The judge overseeing the 3M Combat Arms Earplugs version 2 (CAEv2) multidistrict litigation (MDL) — believed to be the nation’s largest MDL in history — sanctioned 3M for its attempt to dodge legal liability over its allegedly-defective military-issued earplugs via Chapter 11 bankruptcy protection for its subunit, Aearo Technologies.
U.S. District Judge M. Casey Rodgers issued a 22-page order in late December, which granted the plaintiffs' motion for summary judgment on 3M's "full and independent liability" for hearing loss injuries that resulted from users—mostly U.S. Army veterans of the Iraq and Afghanistan wars—wearing the CAEv2 earplugs. Judge Rodgers found that 3M's attempts to hide behind bankruptcy and transfer its CAEv2 liabilities onto its subsidiary, Aearo Technologies, warrants a sanction, Law360 reported.
Users of CAEv2 were not aware that the earplugs did not fit properly and thus failed to protect their hearing.
3M completed its acquisition of Aearo Technologies, the original manufacturer of CAEv2, in 2008. A whistleblower lawsuit filed in 2016 by a rival earplug company publicized the allegedly faulty design in CAEv2. Shortly after, 3M settled claims that it supplied the military with faulty earplugs with the U.S. Department of Justice for $9.1 million.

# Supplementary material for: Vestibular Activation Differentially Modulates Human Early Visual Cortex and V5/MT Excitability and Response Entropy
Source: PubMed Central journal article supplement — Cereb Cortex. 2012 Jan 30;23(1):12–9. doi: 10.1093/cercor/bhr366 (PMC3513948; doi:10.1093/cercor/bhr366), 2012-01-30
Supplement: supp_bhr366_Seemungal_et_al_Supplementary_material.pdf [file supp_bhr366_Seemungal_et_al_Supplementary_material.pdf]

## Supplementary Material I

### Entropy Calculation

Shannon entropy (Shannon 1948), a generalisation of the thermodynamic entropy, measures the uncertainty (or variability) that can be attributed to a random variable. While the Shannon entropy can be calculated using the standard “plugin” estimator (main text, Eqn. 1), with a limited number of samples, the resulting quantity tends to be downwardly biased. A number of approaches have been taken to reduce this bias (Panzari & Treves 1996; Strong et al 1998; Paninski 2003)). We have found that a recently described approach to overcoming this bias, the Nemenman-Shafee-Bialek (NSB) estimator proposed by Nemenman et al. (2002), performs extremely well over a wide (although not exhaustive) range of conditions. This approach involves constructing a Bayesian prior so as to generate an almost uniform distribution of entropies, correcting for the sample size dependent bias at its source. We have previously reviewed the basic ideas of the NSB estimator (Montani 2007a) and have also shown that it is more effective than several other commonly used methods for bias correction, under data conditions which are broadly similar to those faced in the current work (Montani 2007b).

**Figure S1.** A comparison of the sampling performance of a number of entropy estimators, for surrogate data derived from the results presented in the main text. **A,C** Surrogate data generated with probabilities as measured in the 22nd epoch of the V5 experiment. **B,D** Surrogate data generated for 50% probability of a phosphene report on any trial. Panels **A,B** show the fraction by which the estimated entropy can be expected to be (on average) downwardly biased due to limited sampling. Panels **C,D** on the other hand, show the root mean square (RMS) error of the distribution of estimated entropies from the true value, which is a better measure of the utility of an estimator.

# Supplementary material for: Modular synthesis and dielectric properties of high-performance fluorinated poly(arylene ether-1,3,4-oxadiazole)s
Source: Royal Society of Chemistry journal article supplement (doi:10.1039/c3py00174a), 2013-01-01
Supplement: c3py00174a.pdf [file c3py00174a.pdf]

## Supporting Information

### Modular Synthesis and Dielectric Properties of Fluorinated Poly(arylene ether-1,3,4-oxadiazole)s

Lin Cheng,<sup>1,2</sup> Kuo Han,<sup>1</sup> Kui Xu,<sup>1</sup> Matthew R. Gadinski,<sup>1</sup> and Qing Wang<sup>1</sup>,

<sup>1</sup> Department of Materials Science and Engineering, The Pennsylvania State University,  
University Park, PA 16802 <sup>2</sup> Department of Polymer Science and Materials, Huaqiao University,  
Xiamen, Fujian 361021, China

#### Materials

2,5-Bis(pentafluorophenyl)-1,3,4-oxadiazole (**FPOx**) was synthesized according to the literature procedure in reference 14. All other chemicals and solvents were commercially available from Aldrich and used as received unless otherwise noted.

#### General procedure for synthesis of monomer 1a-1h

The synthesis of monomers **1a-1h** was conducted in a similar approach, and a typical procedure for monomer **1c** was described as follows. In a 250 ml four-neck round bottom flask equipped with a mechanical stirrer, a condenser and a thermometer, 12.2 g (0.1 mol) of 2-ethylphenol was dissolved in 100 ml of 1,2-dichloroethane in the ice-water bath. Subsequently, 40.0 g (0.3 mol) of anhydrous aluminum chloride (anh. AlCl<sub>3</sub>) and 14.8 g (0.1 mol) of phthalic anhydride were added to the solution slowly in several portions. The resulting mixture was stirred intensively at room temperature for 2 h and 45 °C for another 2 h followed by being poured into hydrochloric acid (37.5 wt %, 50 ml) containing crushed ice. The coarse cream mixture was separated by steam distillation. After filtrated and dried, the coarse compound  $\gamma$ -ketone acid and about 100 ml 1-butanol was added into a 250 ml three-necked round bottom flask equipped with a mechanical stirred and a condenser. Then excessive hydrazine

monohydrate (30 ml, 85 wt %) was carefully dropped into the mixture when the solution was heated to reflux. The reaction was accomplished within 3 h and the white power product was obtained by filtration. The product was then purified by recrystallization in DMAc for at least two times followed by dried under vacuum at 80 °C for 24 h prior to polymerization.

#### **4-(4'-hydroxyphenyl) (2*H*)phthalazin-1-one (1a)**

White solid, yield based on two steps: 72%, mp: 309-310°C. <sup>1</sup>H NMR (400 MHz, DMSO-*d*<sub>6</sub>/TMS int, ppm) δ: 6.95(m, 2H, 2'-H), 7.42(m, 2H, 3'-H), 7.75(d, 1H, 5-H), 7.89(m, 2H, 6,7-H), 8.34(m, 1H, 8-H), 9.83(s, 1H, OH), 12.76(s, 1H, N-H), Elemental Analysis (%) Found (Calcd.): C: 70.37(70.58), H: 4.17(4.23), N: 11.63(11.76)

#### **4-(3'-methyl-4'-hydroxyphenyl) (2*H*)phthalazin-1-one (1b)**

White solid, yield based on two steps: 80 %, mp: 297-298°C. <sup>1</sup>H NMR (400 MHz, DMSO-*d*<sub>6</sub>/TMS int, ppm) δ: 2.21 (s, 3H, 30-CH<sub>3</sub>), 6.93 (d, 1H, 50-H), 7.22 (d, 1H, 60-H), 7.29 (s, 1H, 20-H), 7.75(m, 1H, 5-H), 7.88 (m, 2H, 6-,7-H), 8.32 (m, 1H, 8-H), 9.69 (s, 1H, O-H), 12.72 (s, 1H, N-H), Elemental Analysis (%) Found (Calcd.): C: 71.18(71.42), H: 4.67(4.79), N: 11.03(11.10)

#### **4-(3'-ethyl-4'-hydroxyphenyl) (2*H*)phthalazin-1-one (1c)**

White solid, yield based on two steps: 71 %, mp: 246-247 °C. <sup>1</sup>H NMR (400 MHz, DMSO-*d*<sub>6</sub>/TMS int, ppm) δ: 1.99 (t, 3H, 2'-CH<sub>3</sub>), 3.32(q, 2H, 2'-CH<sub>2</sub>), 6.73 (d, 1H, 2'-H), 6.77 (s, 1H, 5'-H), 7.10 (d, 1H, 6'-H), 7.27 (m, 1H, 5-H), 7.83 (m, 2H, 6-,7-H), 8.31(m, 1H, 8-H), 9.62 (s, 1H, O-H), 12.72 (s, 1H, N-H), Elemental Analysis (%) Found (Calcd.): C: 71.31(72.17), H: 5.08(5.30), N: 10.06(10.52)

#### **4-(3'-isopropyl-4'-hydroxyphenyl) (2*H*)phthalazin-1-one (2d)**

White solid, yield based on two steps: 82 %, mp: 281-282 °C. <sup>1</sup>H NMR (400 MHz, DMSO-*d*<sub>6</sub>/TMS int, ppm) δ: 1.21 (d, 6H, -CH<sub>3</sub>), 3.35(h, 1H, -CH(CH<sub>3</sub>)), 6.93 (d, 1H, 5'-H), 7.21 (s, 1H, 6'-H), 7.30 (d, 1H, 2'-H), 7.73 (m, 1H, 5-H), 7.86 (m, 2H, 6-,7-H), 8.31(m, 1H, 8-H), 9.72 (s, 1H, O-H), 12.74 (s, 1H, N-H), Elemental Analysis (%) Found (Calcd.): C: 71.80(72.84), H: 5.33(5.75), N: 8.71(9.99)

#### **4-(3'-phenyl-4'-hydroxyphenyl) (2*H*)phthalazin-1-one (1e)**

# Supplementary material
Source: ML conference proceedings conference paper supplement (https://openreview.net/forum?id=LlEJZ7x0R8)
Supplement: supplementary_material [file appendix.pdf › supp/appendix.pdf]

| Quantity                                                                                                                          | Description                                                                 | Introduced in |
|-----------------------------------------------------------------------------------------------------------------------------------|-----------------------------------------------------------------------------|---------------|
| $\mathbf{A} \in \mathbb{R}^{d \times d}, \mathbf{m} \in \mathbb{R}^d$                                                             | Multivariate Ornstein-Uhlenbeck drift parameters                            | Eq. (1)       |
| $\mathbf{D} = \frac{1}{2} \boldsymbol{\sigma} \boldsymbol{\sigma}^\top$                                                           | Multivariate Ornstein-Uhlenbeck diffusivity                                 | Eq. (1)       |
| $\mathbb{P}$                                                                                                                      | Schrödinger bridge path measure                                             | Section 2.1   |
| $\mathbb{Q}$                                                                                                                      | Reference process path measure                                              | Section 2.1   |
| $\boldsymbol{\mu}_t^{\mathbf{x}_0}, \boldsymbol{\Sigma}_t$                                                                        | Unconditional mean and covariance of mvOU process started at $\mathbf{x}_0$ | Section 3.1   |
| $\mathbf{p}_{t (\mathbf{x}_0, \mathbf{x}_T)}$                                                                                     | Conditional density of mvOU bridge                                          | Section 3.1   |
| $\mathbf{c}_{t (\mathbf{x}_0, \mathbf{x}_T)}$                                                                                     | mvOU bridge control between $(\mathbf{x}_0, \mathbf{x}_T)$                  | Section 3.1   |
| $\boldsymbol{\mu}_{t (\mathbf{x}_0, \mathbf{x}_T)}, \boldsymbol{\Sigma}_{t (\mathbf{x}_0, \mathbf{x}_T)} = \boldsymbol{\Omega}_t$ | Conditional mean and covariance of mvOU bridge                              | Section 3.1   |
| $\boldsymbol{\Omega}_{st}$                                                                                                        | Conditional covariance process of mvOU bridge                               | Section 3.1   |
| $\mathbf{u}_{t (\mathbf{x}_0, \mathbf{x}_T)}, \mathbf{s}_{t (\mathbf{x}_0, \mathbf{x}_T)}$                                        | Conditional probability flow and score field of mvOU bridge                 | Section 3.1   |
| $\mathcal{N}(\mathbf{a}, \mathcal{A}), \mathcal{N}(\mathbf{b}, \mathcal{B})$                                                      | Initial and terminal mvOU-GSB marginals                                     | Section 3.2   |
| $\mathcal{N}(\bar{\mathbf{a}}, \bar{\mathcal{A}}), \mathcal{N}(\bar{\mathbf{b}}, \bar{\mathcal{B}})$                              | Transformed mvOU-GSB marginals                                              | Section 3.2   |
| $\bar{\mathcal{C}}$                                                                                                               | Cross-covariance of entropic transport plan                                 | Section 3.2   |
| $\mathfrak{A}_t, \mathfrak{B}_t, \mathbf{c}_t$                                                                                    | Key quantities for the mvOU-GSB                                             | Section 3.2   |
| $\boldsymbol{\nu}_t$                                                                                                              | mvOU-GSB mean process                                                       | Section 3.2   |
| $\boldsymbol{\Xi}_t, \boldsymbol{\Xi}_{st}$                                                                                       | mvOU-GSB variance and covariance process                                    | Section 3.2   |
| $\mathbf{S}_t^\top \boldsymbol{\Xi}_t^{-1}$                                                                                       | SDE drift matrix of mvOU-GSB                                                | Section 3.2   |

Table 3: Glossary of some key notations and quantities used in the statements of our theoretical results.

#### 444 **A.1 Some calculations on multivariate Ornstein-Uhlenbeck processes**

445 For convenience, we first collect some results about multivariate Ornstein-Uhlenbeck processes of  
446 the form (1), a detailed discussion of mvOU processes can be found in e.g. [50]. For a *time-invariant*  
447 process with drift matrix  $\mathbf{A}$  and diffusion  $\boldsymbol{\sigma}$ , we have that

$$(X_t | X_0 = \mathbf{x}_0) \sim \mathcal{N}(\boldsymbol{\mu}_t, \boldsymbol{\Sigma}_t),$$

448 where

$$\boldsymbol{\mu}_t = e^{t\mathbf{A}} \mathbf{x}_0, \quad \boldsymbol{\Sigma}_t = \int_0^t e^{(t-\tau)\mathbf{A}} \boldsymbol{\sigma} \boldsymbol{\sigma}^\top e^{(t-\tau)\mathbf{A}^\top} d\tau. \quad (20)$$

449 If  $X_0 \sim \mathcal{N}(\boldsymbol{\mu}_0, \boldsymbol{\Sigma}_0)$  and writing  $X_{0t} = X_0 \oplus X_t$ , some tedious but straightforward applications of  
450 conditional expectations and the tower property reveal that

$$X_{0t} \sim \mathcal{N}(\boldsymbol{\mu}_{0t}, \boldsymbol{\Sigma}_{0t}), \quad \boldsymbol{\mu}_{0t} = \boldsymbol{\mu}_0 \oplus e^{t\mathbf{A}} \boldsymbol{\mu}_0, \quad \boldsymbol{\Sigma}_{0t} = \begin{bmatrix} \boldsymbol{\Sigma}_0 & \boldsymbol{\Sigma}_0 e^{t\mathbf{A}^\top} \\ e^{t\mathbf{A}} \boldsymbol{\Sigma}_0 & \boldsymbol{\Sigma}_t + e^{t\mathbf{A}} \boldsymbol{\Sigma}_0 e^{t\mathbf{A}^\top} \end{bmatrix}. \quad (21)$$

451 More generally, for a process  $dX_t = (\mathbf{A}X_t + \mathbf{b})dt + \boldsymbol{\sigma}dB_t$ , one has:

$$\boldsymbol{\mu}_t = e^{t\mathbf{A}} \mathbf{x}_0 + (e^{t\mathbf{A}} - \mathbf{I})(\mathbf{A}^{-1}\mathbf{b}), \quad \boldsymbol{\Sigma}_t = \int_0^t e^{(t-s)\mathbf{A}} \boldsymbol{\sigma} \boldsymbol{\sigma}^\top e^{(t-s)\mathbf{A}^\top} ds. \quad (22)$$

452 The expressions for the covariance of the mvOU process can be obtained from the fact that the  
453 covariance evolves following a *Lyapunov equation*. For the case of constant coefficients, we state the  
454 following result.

Then the number of plaintiffs filing claims against 3M skyrocketed. The MDL was approved in 2019. To date, in the first wave of MDL cases, 16 bellwether trials have been tried. Juries in 10 of those trials have awarded plaintiffs $300 million in damages.
In July 2022, 3M attempted to dodge legal liability for CAEv2 claims by placing its subsidiary, Aearo, in Chapter 11 bankruptcy protection.
3M has also tried to dodge liability by arguing that it should be immune from liability because it is a defense contractor for the U.S. military. After that argument was rejected, 3M attempted to foist partial blame on soldiers’ hearing damage squarely on the U.S. military, arguing that the Department of Defense bears some responsibility, considering it was involved in the design of CAEv2 and how the hearing-protection devices were distributed.
"Scorched earth battle was waged against every theory of liability alleged in this litigation, yet there was nary a whisper that Aearo, and not 3M, was the only proper target, or even a target at all," Judge Rodgers said, per Law360.com.
The order by Judge Rodgers describes 3M’s attempts to evade legal liability as a “scheme” and that if the Chapter 11 bankruptcy plan were to be successful, “3M would reap all the benefits … with none of the attendant burdens.”
The order also mentions that as early as 2019, legal representation for 3M would not raise an issue as to which party, 3M or Aearo, should be held responsible for CAEv2 liabilities.